Although its setting is the Covid era, Springtime in Amsterdam has been given something of a period feel. Its marketing materials make a great thing about that aspect of the production, referencing (unspecified) similarities to the films that Printemps and Guitry made in 1930s 1940s and 1950s. The booklet that accompanies the Blu-ray disc also claims that Mr Loy’s movie “connects to the style of [film director] Jacques Demy”. Once again, that’s a rather vaguely expressed suggestion, but, while it’s some time since I last saw Demy’s 1964 sung-through masterpiece Les parapluies de Cherbourg, I can appreciate that both films share certain similarities in mood and tone. There’s one thing, though, that will immediately send you nostalgically back in time as you slip the disc into your player, for Springtime in Amsterdam has been filmed in a 16:9 screen format, so that if you view it, like many of us will, on a wide-screen TV, black vertical bars appear at each side of the image to crop it into a less extended shape, just as if you’re watching a genuinely old classic movie. It’s a clever and evocative touch.

Coming to the release’s more up-to-date technical features, Springtime in Amsterdam’s picture quality is excellent, with my Blu-ray disc showing no sign of the dreaded judder that can sometimes manifest itself. The audio is also clear, even if the aforementioned “big sound” recording sometimes threatens to overwhelm the odd softly sung vocal line. Allowing for the occasional outright textual incongruity to which I’ve already referred, the English subtitling has been well done – though I cannot, of course, speak for the Dutch, German, Japanese or Korean options. Sadly, there are no “bonus” features included on the disc, which is surely something of a missed opportunity in such an unusual and intriguing film. Interviews with the cast and, even better, with Mr Loy would have made enlightening additions.

This striking and enterprising new release from Dutch National Opera is a brave commercial venture but I’d expect it to appeal to anyone with a taste for late-period operetta or, indeed, imaginative and thought-provoking film-making. Incidentally, if you stick with the cast list until it has rolled to the very end, you will find a brief extra, wordless scene where we see the assembled cast in their real-life personae socialising over a celebratory drink. They appear to be enjoying themselves just as much as many of you will also, I suspect, enjoy this film.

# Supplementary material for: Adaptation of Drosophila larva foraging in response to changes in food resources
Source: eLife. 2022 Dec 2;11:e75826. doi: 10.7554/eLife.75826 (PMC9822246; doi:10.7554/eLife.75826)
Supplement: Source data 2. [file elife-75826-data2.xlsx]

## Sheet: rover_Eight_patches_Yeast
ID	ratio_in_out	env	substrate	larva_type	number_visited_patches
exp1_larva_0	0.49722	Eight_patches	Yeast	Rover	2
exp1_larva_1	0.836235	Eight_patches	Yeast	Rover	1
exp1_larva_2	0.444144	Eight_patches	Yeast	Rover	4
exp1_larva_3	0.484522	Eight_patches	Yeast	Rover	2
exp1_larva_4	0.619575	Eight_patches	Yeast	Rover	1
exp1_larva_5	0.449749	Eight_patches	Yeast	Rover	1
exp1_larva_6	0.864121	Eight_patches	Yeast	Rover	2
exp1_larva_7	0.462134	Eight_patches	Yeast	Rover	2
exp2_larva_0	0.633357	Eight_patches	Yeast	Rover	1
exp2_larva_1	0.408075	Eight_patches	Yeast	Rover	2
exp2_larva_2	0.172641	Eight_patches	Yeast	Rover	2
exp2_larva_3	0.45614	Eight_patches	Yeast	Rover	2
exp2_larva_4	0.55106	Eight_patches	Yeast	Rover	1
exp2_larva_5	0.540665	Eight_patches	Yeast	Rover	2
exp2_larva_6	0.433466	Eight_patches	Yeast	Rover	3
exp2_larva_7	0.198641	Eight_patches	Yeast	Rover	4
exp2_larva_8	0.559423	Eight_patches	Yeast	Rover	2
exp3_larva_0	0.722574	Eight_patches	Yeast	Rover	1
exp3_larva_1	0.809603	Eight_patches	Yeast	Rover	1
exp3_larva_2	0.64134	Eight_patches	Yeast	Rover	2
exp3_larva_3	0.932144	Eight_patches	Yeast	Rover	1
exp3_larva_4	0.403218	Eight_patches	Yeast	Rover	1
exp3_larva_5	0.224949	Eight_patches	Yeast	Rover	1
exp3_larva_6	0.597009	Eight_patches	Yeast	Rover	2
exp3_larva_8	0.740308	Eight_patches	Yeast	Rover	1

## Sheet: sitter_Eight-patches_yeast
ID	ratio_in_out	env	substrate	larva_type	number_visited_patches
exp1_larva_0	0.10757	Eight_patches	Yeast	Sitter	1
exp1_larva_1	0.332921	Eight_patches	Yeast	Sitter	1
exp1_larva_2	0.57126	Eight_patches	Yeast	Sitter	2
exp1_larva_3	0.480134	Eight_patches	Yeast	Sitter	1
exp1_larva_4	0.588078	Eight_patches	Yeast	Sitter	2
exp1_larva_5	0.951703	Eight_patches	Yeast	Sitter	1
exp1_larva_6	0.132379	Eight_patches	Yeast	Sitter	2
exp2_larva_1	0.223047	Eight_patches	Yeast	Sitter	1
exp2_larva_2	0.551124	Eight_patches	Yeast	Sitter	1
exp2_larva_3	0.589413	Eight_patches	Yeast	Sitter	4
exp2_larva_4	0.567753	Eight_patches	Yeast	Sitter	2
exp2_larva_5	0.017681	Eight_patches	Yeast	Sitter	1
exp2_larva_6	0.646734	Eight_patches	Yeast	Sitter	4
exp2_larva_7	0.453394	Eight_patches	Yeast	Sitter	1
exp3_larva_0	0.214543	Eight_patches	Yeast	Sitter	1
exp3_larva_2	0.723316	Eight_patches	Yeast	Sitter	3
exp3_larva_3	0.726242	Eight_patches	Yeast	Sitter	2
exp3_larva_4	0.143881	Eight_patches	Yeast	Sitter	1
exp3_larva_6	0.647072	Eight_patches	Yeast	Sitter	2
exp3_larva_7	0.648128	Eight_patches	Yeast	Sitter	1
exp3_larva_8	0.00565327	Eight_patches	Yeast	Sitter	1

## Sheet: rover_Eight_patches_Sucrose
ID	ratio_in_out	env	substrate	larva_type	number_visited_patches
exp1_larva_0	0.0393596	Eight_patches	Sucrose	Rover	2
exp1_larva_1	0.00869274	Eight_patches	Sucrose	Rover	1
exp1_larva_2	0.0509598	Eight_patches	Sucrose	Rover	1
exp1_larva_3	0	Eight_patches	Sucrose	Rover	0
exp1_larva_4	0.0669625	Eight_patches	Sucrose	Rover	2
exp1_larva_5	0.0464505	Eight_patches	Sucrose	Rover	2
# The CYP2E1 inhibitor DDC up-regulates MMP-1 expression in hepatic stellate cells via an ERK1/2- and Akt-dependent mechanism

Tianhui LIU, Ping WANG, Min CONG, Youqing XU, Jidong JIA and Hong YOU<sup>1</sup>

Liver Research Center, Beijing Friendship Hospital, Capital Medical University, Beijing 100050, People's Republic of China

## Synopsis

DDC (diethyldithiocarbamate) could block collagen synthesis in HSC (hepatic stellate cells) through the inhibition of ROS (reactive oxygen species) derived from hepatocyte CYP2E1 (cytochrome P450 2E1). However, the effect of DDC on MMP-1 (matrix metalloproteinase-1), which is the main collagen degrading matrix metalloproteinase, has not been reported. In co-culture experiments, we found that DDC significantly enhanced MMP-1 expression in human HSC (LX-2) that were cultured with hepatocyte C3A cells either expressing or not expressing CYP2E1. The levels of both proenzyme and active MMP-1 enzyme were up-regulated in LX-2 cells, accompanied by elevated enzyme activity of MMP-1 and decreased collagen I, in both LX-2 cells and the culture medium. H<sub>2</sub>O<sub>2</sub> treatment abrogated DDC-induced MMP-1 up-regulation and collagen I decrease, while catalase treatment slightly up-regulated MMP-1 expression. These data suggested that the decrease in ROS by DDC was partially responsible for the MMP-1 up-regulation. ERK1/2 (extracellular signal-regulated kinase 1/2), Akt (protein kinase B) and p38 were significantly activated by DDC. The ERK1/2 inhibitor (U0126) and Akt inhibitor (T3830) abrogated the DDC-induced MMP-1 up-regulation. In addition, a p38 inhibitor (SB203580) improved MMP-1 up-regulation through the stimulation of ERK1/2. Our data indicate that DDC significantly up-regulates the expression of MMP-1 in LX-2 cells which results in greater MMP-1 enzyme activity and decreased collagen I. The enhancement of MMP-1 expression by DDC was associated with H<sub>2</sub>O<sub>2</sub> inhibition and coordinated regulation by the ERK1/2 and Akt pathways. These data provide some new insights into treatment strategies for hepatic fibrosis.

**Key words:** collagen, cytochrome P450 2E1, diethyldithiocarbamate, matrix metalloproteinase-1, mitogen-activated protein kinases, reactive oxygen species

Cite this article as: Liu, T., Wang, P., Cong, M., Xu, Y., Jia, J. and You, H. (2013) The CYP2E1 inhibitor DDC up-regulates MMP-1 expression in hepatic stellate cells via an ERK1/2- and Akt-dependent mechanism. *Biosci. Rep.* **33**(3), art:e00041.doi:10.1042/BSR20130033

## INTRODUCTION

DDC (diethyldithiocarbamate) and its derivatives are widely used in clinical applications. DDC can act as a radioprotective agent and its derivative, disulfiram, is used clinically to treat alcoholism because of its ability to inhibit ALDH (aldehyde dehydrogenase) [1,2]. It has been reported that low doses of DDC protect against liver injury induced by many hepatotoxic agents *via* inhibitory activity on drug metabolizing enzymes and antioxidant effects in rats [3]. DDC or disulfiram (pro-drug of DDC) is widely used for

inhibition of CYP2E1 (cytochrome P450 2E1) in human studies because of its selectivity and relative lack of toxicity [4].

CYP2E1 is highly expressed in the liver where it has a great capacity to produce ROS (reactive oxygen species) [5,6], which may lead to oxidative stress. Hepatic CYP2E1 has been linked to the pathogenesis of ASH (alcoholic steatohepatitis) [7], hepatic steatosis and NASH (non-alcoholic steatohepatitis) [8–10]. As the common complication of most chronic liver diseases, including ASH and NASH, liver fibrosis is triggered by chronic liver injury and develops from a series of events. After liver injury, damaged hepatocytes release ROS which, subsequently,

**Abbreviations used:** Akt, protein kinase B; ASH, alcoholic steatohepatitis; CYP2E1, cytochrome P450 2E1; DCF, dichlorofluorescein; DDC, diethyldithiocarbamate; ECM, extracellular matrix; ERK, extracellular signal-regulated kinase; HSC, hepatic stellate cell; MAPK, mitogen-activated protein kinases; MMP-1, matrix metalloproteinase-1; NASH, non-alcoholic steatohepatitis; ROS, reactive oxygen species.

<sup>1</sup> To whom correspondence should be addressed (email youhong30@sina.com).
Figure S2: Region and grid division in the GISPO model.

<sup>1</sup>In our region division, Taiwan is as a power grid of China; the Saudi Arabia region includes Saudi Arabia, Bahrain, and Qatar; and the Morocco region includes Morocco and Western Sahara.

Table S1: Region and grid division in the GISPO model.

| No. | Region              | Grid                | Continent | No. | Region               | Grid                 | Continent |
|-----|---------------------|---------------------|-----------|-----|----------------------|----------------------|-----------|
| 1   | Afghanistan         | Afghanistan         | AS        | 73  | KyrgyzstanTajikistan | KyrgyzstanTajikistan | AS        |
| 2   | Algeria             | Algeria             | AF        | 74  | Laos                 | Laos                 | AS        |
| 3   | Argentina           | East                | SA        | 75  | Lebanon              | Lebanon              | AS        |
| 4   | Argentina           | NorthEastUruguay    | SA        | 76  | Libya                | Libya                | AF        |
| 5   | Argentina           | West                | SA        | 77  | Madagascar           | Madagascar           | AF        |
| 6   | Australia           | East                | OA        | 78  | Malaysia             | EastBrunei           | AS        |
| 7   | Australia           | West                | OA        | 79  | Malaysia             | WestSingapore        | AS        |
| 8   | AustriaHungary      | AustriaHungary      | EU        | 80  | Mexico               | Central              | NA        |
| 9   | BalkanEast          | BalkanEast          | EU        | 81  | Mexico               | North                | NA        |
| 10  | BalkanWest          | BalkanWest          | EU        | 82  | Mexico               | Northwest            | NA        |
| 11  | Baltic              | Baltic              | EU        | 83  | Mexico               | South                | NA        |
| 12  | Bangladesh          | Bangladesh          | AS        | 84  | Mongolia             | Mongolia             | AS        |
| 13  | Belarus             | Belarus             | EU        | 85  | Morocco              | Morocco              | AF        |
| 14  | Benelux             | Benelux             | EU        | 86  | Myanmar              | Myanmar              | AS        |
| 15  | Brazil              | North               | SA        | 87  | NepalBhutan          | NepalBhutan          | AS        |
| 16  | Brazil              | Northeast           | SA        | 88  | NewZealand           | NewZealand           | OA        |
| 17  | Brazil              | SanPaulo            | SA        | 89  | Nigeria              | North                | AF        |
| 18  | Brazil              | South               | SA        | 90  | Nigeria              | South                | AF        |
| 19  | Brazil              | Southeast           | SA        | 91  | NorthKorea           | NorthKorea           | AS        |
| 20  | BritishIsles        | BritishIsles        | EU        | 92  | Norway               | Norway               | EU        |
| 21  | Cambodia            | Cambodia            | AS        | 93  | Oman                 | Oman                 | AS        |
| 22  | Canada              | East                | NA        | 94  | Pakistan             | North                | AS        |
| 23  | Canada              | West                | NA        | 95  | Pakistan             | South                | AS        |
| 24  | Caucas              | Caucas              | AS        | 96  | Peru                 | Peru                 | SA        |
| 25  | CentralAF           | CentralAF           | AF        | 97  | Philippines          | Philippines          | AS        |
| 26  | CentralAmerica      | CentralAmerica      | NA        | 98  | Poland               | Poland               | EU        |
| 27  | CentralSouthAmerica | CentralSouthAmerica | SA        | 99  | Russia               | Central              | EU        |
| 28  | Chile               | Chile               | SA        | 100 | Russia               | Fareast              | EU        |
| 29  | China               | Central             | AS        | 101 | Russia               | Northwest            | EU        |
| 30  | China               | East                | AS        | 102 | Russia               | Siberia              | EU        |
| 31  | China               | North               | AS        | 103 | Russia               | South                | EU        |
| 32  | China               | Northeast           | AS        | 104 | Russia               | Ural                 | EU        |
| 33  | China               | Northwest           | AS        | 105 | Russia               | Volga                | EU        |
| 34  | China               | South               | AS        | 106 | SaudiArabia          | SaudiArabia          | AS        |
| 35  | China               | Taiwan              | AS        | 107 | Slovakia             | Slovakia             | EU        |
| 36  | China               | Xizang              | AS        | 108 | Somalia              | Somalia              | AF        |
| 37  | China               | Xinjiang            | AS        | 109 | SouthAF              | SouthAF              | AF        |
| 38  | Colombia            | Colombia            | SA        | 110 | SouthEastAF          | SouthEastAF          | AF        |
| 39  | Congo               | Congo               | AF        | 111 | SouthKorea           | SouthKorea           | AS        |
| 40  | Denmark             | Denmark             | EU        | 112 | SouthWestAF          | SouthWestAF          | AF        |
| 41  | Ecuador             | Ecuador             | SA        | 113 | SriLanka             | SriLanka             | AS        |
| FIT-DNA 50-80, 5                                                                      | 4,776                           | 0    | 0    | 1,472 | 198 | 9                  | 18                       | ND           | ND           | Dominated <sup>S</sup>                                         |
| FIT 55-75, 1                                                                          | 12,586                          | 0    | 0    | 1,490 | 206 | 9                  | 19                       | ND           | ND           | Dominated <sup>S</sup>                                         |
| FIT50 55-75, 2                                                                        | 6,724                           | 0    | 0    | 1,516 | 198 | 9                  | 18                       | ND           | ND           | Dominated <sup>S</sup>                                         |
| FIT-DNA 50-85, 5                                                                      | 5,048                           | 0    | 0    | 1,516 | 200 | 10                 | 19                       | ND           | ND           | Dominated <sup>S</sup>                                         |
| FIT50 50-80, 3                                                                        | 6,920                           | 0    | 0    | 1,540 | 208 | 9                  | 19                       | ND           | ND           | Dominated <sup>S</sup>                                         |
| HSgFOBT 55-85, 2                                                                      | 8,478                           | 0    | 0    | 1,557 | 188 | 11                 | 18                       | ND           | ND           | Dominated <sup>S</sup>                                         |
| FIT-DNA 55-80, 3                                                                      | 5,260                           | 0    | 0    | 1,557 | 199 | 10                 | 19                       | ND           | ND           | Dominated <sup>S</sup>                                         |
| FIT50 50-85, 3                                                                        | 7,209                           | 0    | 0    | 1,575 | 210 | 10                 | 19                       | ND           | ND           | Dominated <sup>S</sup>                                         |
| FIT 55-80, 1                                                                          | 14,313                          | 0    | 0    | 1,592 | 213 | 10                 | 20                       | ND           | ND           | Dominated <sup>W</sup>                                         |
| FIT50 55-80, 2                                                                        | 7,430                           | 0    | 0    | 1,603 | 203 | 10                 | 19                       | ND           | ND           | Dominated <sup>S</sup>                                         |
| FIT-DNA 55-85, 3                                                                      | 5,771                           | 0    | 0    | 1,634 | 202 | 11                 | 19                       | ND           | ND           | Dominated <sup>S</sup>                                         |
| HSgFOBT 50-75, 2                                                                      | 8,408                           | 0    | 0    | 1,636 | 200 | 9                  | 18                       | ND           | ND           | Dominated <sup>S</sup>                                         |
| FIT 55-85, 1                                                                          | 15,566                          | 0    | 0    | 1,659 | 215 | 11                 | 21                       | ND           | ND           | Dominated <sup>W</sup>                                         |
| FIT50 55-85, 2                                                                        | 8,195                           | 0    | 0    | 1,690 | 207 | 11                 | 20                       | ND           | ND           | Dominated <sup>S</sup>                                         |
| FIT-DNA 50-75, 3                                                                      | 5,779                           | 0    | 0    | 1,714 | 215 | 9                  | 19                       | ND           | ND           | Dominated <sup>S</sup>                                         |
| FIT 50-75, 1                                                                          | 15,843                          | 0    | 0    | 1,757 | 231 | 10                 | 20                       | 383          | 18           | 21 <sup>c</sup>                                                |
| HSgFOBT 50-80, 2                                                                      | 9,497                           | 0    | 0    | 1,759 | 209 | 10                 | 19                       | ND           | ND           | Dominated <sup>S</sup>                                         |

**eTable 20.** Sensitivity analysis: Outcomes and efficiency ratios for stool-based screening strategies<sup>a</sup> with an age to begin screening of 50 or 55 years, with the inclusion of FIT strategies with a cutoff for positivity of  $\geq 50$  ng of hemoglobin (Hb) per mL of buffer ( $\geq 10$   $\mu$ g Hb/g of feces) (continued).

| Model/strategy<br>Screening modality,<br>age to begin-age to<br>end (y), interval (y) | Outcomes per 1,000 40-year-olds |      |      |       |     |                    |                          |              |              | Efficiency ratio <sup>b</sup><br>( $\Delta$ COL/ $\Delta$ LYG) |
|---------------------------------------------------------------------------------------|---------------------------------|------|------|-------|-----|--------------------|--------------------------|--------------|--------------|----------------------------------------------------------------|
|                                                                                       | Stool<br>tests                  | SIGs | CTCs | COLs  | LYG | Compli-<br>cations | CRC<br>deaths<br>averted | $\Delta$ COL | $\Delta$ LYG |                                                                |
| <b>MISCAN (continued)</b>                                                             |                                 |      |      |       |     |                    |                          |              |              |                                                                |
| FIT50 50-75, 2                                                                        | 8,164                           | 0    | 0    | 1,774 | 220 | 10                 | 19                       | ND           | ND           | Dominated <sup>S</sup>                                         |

Rob Maynard

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Production details
Christof Loy – story and film director
Laurens Neels – executive producer
Stef Kwinten – director of photography
Robby Duiveman – costumes
Thomas Wilhelm – choreography
Jurian Vermoolen – art director
Dutch National Opera – producer

Video details
BD-25 Blu-ray disc
Picture format: HD 16:9/1.55:1
Sound format: PCM stereo and DTS Master Audio 5.1
Region code: A, B, C
Sung in Dutch, German and English; Subtitles: Dutch, English, German, Japanese, Korean

Musical episodes
Vincent Youmans (1898-1946)
No, no, Nanette (1924); overture (revised Broadway version, 1971)
Emmerich Kálmán (1882-1953)
Die Bajadere (1921); Fraulein, bitte, wollen Sie Shimmy tanzen?
Gräfin Mariza (1924); Wenn es Abend wird (Lied Tassilo)
Oscar Strauss (1870-1954)
Eine Frau, die weiss, was Sie will (1932); Ich bin eine Frau, die weiss, was sie will
Walter Blaufuss (1883-1945)
Your eyes have told me so (1919)
Jean Ferrat (1930-2010)
Het Dorp (1970)
Johann Strauss II (1825-1899), arr. Ralph Benatzky (1884-1957)
Casanova (1928); Nonnenchor und Lied der Laura
Leo Fall (1873-1925)
Madame Pompadour (1922); Josef, ach Josef, was bist du so keusch
Zoltán Kodály (1882-1967)
Háry János suite (1927); intermezzo
Jacques Brel (1929-1978)
Amsterdam (1964)
Franz Lehár (1870-1948)
Der Zarewitsch (1927); Einer wird kommen
Jean Gilbert (1879-1942)
Das Weib in Purpur (1923); Mädels gibt es auf der Welt
Franz Lehár (1870-1948)
Frederike (1928); Warum hast du mich wachgeküsst?
Jerome Kern (1885-1945)
Music in the air (1932); The song is you
Carl Millöcker (1842-1899)
Gasparone (1884); Ach, dass ich doch ein Räuber wär
Oscar Strauss (1870-1954)
Les trois valses [French version of Drei Walzer (1935)]; Je ne suis pas ce que l’on pense
Paul Abraham (1892-1960)
Viktoria und ihr Husar (1930); Reich mir zum Abschied noch einmal die Hände
Peter Shott (1925-2000)
Aan de Amsterdamsche Grachten (1993)